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How To Use Gnome “Night Light” Mode

Blue light is terrible for your eyes and can disrupt your circadian rhythm, by tricking your brain into thinking it’s daytime. Some of the effects of a disrupted circadian rhythm include trouble with the body’s immune system and a decrease in melatonin production which regulates your sleep pattern.

To combat blue light on Linux, we’ve got tools like RedShift and F.lux. Still, these tools are less than user-friendly, so the average Linux user may not want to go through the process of setting them up. The Gnome project seems to agree with this assessment, as they’ve taken to adding an easy to use “Night Light” mode. It’s a simple feature, and it can help you automatically filter out blue light.

Note: to use the Gnome “Night Light” mode, Redshift, F.lux, and other blue light filter software tools must be disabled. Don’t try to turn on Night Light while using these other programs, as they will conflict with each other.

Update Gnome Shell

The Gnome “Night Light” mode shows up in version 3.24 of Gnome Shell. To take advantage of this feature, Gnome must be up to date, and at version 3.24 or newer. Not sure how to update Gnome? Follow along with the instructions below to learn how to get a more up to date version of Gnome Shell.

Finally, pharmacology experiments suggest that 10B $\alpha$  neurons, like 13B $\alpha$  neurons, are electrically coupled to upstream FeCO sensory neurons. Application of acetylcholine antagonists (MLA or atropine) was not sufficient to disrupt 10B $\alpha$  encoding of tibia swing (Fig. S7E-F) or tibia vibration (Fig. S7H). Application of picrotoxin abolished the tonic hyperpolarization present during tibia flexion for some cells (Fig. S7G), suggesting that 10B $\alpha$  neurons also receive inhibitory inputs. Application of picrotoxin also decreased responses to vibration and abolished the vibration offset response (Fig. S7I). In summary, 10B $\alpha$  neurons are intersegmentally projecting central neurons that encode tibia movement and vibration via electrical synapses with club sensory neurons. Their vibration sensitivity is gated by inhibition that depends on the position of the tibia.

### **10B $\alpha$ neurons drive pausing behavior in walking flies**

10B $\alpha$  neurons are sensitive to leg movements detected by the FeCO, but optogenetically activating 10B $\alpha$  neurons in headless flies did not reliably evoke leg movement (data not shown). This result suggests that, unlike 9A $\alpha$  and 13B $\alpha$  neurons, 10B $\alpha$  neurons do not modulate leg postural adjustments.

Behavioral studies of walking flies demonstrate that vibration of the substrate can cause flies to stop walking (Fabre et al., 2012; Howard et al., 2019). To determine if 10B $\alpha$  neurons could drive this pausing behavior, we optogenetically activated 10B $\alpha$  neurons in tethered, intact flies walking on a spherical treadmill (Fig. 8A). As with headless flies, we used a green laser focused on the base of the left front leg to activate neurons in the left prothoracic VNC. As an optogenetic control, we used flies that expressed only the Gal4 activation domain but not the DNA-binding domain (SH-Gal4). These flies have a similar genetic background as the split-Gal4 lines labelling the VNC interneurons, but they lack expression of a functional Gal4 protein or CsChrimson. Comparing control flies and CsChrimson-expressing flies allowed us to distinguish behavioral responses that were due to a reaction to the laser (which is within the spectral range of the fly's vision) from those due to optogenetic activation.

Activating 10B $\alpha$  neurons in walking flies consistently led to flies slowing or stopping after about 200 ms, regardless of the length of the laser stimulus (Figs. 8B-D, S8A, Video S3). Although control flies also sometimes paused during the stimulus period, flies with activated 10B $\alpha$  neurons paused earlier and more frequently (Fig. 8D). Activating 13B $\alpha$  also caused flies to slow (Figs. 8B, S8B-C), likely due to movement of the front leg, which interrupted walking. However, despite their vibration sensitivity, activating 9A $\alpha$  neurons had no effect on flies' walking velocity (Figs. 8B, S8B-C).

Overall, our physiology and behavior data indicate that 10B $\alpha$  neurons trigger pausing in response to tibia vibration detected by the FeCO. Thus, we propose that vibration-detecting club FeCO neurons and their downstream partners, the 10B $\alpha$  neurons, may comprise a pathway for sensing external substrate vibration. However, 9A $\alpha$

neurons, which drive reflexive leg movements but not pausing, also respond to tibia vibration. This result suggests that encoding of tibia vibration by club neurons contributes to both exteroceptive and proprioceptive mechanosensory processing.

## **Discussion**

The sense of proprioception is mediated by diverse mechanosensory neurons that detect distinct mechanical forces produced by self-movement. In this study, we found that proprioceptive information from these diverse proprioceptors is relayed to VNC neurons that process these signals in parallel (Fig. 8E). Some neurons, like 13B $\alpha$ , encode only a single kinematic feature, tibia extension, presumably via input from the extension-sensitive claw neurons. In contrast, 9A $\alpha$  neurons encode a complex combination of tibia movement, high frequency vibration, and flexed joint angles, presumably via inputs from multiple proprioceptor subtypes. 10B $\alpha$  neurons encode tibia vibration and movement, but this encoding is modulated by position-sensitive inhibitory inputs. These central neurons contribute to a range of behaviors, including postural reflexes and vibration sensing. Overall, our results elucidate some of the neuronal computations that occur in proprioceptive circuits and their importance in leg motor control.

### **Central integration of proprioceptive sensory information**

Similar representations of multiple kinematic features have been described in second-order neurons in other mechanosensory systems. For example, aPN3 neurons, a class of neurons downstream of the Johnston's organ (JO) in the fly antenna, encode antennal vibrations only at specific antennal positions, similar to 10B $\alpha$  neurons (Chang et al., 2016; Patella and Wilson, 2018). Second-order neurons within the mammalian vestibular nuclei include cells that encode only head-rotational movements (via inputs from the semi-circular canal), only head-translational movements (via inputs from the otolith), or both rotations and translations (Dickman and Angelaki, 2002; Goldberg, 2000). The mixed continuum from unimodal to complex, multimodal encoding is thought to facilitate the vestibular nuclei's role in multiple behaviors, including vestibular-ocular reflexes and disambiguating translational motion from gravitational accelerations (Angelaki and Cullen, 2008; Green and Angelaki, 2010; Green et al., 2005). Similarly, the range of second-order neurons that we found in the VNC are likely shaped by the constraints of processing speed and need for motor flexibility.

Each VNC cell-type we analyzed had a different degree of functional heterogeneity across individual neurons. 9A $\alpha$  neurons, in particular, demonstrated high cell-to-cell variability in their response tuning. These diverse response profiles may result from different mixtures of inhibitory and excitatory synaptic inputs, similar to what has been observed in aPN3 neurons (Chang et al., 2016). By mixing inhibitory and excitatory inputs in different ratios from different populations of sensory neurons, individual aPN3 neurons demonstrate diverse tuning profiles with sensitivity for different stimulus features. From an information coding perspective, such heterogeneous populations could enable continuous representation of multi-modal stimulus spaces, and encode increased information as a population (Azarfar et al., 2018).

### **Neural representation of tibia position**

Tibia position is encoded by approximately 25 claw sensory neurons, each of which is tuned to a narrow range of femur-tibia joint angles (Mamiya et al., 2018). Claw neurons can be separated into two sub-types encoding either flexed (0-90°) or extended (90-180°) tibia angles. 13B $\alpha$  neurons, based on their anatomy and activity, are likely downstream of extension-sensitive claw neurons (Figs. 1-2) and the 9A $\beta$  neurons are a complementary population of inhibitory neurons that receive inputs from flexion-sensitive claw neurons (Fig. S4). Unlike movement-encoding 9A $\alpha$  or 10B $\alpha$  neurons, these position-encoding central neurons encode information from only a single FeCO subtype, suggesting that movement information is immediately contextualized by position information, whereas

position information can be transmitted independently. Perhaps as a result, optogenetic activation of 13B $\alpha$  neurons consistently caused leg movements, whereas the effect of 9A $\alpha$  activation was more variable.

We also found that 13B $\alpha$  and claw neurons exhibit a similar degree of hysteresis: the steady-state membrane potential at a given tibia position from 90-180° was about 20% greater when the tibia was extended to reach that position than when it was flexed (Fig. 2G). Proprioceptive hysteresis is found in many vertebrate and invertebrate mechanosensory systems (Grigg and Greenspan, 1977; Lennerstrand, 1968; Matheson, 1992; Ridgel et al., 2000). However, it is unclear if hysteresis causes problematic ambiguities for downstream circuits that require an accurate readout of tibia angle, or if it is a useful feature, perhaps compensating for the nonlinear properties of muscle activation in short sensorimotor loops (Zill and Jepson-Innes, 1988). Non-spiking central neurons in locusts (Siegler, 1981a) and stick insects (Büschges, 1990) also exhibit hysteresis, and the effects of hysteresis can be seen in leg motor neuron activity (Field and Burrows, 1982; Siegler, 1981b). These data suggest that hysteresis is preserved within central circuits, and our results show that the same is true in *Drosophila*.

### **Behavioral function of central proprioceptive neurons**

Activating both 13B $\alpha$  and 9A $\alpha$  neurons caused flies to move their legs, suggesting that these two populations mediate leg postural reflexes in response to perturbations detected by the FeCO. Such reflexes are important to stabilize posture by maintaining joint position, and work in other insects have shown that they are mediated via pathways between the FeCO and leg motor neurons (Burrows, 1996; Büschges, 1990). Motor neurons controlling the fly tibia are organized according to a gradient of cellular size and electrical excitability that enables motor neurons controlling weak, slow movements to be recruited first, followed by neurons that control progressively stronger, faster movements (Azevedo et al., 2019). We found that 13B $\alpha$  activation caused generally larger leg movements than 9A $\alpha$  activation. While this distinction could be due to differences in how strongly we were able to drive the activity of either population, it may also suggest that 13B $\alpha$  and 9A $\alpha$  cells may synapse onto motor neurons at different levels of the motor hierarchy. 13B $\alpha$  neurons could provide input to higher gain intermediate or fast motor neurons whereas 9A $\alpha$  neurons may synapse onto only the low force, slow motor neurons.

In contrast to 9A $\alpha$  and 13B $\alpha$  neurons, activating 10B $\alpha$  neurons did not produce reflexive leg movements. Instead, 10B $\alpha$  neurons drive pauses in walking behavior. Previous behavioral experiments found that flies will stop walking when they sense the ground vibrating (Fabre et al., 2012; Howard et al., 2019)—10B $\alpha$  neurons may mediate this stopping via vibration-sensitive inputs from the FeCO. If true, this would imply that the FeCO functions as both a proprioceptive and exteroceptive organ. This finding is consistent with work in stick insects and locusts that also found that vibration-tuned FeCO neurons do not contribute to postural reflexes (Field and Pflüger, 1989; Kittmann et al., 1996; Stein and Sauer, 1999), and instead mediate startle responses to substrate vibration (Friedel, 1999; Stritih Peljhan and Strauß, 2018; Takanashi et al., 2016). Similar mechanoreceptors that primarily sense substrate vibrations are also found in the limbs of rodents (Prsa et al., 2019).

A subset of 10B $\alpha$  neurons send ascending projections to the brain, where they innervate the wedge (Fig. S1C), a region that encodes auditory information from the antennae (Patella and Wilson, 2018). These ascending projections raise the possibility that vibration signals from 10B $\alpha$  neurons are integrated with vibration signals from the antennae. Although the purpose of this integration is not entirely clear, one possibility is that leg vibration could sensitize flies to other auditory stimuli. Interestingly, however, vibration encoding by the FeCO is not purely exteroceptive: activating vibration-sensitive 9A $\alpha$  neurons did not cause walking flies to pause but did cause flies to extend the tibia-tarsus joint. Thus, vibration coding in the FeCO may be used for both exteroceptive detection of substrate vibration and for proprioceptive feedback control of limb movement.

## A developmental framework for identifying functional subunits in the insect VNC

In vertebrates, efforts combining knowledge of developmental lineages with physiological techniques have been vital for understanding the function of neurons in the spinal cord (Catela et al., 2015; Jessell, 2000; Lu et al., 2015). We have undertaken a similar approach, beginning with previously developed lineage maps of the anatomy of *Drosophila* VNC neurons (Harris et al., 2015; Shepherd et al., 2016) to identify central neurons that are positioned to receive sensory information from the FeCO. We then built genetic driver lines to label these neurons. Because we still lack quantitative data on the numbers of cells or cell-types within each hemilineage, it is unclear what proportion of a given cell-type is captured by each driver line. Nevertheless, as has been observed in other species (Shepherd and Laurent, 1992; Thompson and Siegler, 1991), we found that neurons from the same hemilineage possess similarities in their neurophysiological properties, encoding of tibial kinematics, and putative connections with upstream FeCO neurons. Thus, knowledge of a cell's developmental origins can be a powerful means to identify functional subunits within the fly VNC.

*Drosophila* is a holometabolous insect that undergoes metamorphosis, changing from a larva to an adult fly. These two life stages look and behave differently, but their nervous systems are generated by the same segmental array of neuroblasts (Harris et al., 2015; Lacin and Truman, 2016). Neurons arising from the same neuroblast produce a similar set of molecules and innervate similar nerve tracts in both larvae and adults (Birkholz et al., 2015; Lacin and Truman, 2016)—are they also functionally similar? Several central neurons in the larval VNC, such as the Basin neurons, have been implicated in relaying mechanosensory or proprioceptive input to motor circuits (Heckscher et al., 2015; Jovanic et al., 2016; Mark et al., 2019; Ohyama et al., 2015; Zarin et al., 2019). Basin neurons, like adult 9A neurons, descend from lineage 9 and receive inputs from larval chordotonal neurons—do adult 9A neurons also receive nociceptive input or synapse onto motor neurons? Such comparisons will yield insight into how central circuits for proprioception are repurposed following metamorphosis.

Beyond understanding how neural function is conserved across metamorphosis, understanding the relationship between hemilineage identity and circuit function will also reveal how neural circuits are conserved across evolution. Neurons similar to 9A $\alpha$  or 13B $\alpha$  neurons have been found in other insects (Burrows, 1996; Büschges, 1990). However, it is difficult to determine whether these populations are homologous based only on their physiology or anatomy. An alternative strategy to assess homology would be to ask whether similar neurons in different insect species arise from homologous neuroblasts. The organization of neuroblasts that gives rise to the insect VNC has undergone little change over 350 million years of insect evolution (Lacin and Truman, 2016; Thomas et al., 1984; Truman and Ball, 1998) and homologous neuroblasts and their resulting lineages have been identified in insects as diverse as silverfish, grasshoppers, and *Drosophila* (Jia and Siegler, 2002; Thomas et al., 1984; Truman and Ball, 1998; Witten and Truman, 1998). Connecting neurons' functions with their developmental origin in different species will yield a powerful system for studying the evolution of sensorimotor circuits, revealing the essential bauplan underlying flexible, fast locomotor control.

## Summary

Ubuntu 18.04 LTS ships with Gnome Shell version 3.28, so you should have no issue accessing the Gnome “Night Light” mode. However, those on 16.04 need to upgrade, as the release of Gnome it comes with isn’t as up to date.

To upgrade your system from 16.04 LTS to 18.04 LTS press the Windows key, search for “Software Updates” and launch the program. Allow Ubuntu to refresh, and soon a notification to upgrade to 18.04 will appear. Follow the instructions on the screen to get your system to the latest version of Ubuntu to enjoy the new Night Light Feature.


Debian is a rock-solid distribution, but its version of Gnome Shell is out of date. As a result, many users of this Linux distribution are missing out. Thankfully, there’s a way to upgrade Gnome Shell on Debian, by switching your release from Stable to Testing.

To upgrade your release, change the code-names in /etc/apt/sources.list from “Stable” or “Stretch” to “Testing” or “Buster”.

Need help upgrading your Debian Linux PC? AddictiveTips is here to help! Check out our in-depth guide here.

Arch Linux

Arch Linux is one of the first Linux distributions to get a Gnome Shell update. Those who have it installed will likely already have access to the new Night Light feature.

Haven’t updated Arch in a while? Do a quick Pacman update in the terminal to ensure your version of Gnome is the latest and greatest!

sudo pacman -Syyuu


Each version of Fedora comes with the latest version of Gnome Shell, and the maintainers try their best to keep it current. To enjoy the new Gnome Night Light feature on Fedora Linux, make sure your version of the operating system is up to date and on the latest possible release.


Many users of OpenSUSE choose to use the LEAP release, as it is stable and reliable. As a result, the version of Gnome Shell isn’t always current, and features lag behind.

Due to its LEAP’s way of handling software, Gnome Shell isn’t always up to date. For this reason, SUSE users must switch to Tumbleweed to enjoy the Gnome Night Light feature.

Generic Linux

Most Linux distributions out there have a reasonably recent version of Gnome Shell. If you’re unsure about the release of Gnome on your system, launch a terminal and run: